Military leaders try to allay concerns about Afghanistan

Gen. David Petreaus, the head of Central Command, and Michele Flournoy, the Under Secretary of Defense for Policy, on Tuesday sought to allay growing congressional concerns over the U.S. war effort in Afghanistan.

Following some recent military and political setbacks, the Senate and House Armed Services panels scheduled hearings on progress in Afghanistan, particularly in the southern part of that country where military operations are progressing slower than anticipated.

“We are heading in the right direction in Afghanistan,” Flournoy told the Senate Armed Services Committee panel on Tuesday. "We are regaining the initiative, and the insurgency is beginning to lose momentum. That said, the outcome is far from determined.”

Flournoy insisted that fixing the situation in Afghanistan “will require patience, persistence and flexibility.” She expressed “cautious optimism” with regards to a successful outcome of the mission in Afghanistan. Flournoy expressed confidence that the top military commander in Afghanistan, Gen. Stanley McChrystal, will be able to show “demonstrable progress” by the end of this year.

Flournoy and Petraeus did not have much time to make a case for the administration’s approach in Afghanistan. The Senate Armed Services Committee hearing on Tuesday was cut short after Petraeus briefly fainted. Though he quickly recovered, Sen. Carl LevinCarl Milton LevinSen. Gillibrand, eyeing 2020 bid, rankles some Democrats The Hill's 12:30 Report Congress needs bipartisanship to fully investigate Russian influence MORE (D-Mich.), the panel’s chairman, decided to continue the hearing Wednesday morning.

Levin expressed concern that Afghan army and police personnel are not being trained quickly enough and that the U.S. military too often takes the lead in operations.

Training and equipping Afghan national security forces is “the key to success in Afghanistan,” Levin said. “Today, operations in Afghanistan are excessively dependent on coalition forces."

Before his brief collapse, Petraeus faced some intense grilling, particularly regarding the July 2011 date that President Barack ObamaBarack Hussein ObamaTrump denies clemency to 180 people Mellman: Memories may be beautiful, yet… When George W. Bush stood with Hillary Clinton MORE set to start withdrawing U.S. troops from Afghanistan.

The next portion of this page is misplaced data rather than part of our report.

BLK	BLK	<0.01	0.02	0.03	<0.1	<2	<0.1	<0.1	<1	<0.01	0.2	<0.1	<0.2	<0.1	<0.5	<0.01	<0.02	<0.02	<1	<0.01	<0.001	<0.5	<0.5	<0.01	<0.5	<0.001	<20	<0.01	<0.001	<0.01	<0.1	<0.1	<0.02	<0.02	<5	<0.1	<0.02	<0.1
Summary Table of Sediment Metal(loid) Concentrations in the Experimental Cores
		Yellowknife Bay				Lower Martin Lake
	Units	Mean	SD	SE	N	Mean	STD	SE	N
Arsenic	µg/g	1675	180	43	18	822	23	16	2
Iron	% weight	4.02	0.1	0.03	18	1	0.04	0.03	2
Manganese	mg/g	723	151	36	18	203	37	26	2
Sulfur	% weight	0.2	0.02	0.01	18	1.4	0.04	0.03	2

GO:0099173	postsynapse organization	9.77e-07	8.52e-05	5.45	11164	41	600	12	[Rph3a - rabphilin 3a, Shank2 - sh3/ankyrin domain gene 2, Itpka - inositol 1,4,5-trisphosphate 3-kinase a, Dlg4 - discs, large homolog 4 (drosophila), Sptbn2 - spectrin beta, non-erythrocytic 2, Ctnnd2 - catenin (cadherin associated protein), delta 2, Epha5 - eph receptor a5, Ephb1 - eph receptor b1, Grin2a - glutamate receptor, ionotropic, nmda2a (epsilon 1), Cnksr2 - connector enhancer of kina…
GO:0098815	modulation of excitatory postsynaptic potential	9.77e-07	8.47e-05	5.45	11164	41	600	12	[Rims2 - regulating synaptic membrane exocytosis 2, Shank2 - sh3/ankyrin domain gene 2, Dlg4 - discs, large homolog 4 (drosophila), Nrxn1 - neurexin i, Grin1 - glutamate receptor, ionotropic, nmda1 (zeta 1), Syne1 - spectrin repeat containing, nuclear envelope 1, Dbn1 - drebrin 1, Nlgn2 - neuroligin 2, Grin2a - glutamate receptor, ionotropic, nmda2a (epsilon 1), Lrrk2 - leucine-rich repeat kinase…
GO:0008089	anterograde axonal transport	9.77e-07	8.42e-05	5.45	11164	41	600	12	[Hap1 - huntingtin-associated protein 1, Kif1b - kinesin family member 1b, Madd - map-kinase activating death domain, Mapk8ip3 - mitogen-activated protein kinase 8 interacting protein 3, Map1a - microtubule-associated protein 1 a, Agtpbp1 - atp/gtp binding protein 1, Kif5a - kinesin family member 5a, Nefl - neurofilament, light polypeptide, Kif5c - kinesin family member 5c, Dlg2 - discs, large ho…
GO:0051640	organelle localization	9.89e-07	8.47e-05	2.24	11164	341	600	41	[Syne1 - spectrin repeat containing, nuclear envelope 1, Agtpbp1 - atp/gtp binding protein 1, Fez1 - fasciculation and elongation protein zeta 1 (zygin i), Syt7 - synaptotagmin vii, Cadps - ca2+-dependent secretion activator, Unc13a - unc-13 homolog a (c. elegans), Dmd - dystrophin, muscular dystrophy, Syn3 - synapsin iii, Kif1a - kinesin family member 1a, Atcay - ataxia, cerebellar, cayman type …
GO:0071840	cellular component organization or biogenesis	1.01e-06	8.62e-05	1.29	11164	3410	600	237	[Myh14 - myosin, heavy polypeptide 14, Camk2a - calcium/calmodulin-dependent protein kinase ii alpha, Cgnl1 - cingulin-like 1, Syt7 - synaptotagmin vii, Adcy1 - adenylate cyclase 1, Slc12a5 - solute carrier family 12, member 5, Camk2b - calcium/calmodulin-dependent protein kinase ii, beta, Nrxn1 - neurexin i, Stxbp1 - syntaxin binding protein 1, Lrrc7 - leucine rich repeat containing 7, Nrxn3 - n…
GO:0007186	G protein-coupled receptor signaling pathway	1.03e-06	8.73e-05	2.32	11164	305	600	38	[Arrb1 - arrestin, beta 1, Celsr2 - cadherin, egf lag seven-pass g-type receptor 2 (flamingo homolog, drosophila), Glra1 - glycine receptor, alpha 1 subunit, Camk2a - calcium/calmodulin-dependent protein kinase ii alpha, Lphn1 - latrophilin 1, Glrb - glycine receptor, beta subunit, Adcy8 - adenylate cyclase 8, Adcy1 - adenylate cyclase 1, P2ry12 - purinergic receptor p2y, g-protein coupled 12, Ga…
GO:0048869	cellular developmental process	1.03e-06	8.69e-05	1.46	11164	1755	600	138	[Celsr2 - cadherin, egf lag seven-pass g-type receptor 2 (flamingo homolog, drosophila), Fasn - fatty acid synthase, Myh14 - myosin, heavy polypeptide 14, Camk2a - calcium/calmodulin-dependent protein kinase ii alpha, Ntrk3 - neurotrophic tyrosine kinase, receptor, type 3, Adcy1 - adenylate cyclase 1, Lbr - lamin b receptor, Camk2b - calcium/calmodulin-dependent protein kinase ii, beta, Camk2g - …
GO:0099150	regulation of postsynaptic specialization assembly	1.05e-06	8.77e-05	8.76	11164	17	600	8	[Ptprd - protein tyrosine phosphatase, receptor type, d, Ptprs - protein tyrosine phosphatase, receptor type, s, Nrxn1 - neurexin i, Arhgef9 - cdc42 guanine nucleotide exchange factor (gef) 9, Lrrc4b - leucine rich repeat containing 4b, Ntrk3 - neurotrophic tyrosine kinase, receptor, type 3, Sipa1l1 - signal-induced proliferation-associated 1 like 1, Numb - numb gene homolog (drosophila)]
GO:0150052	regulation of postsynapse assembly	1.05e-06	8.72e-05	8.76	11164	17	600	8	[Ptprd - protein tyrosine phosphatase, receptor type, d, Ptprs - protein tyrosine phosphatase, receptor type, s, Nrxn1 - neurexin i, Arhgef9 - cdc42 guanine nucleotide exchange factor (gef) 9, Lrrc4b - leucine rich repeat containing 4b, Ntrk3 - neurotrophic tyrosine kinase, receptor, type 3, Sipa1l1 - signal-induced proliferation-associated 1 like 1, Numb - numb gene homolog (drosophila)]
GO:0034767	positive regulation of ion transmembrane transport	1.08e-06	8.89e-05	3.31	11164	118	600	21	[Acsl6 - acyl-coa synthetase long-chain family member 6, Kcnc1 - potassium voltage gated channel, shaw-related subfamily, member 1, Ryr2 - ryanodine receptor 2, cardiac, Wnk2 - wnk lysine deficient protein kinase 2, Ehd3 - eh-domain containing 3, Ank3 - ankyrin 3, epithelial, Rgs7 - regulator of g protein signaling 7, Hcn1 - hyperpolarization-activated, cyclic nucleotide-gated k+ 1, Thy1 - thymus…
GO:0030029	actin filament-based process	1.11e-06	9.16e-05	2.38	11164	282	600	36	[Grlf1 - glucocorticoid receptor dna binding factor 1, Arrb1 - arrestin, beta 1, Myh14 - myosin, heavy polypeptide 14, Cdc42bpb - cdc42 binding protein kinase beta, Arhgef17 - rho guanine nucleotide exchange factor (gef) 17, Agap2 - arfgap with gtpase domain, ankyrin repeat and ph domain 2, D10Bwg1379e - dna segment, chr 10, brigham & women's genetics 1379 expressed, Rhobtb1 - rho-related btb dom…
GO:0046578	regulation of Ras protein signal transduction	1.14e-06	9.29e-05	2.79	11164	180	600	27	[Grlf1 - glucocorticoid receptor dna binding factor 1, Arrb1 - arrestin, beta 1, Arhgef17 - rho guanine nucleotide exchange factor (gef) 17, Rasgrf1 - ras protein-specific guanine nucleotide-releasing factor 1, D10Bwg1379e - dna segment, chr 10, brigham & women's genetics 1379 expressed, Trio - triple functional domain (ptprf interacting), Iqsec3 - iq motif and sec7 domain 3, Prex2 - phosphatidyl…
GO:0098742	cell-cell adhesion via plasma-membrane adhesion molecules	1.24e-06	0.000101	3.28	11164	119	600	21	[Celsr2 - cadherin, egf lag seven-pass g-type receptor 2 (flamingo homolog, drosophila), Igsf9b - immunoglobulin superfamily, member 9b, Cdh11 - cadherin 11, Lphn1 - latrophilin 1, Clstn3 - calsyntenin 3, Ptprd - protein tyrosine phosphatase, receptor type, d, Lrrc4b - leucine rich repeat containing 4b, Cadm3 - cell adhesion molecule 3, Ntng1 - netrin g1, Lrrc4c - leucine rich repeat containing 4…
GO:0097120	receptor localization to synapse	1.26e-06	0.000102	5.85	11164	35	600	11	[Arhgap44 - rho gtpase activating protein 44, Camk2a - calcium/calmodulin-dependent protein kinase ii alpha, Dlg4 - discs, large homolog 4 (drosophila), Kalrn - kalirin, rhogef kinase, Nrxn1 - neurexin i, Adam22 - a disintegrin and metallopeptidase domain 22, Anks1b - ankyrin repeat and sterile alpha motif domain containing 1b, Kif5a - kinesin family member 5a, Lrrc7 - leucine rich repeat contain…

Petraeus emphasized that Obama sought to convey two messages with the July 2011 timeline: one of an “enormous additional commitment” of troops and other resources and one “for urgency.”

Petraeus said that July 2011 is the beginning of a process for transition that is “conditions-based.”

Petraeus created suspense when he paused for what seemed a fairly long time, after Levin asked him whether his statement of continued support for Obama’s policy to set a date for a reduction of U.S. troops represented his best “personal” and “professional judgment.”

“In a perfect world, Mr. Chairman, we have to be very careful with timelines,” Petraeus eventually hedged. “There was a nuance to what the president said that was very important, that did not imply a race for the exits.”

The panel’s ranking member, Sen. John McCainJohn Sidney McCainGOP moves to cut debate time for Trump nominees GOP advances proposal to change Senate rules Julian Castro predicts Arizona will 'go blue' for Senate, presidential election MORE (R-Ariz.), criticized Obama’s deadline for beginning the withdrawal from Afghanistan.

“This obviously sends a message to our enemies that we are leaving, and to our friends that we are leaving,” McCain said. “I continue to worry a great deal about the message we are sending to the region about whether we are actually going to stay or not and whether we are going to do what is necessary to succeed rather than setting an arbitrary timeline.”

It was when McCain wrapped up his comments about “an arbitrary timeline” in Afghanistan that Petraeus slumped over and appeared to have briefly fainted. The four-star general quickly regained consciousness and was able to walk out of the hearing room on his own.

Petraeus later returned to the hearing room and joked that he had felt "lightheaded," but that questioning from the panel did not cause the condition.

"I just got dehydrated," Petraeus said.

Levin called the incident “scary,” and said that he had never seen any witnesses faint at one of his hearings.

“I saw how pale he was,” Levin said in a short interview. “That is what really scared me.”

Petraeus has never fainted before, said his spokesman, Col. Erik Gunhus. A doctor checked out Petraeus before he decided to go ahead with the hearing, Gunhus said.

“Gen. Petraeus is feeling much better,” Gunhus said in a statement Tuesday afternoon. “Looks like we will continue tomorrow. We have just returned from a weeklong overseas trip to Jordan and London, and I think he was just dehydrated. We are back at work at the Pentagon and executing his afternoon schedule. He will be Ok.”

Petraeus, who is known to be a long-distance runner, revealed several months ago that he was successfully treated for early prostate cancer.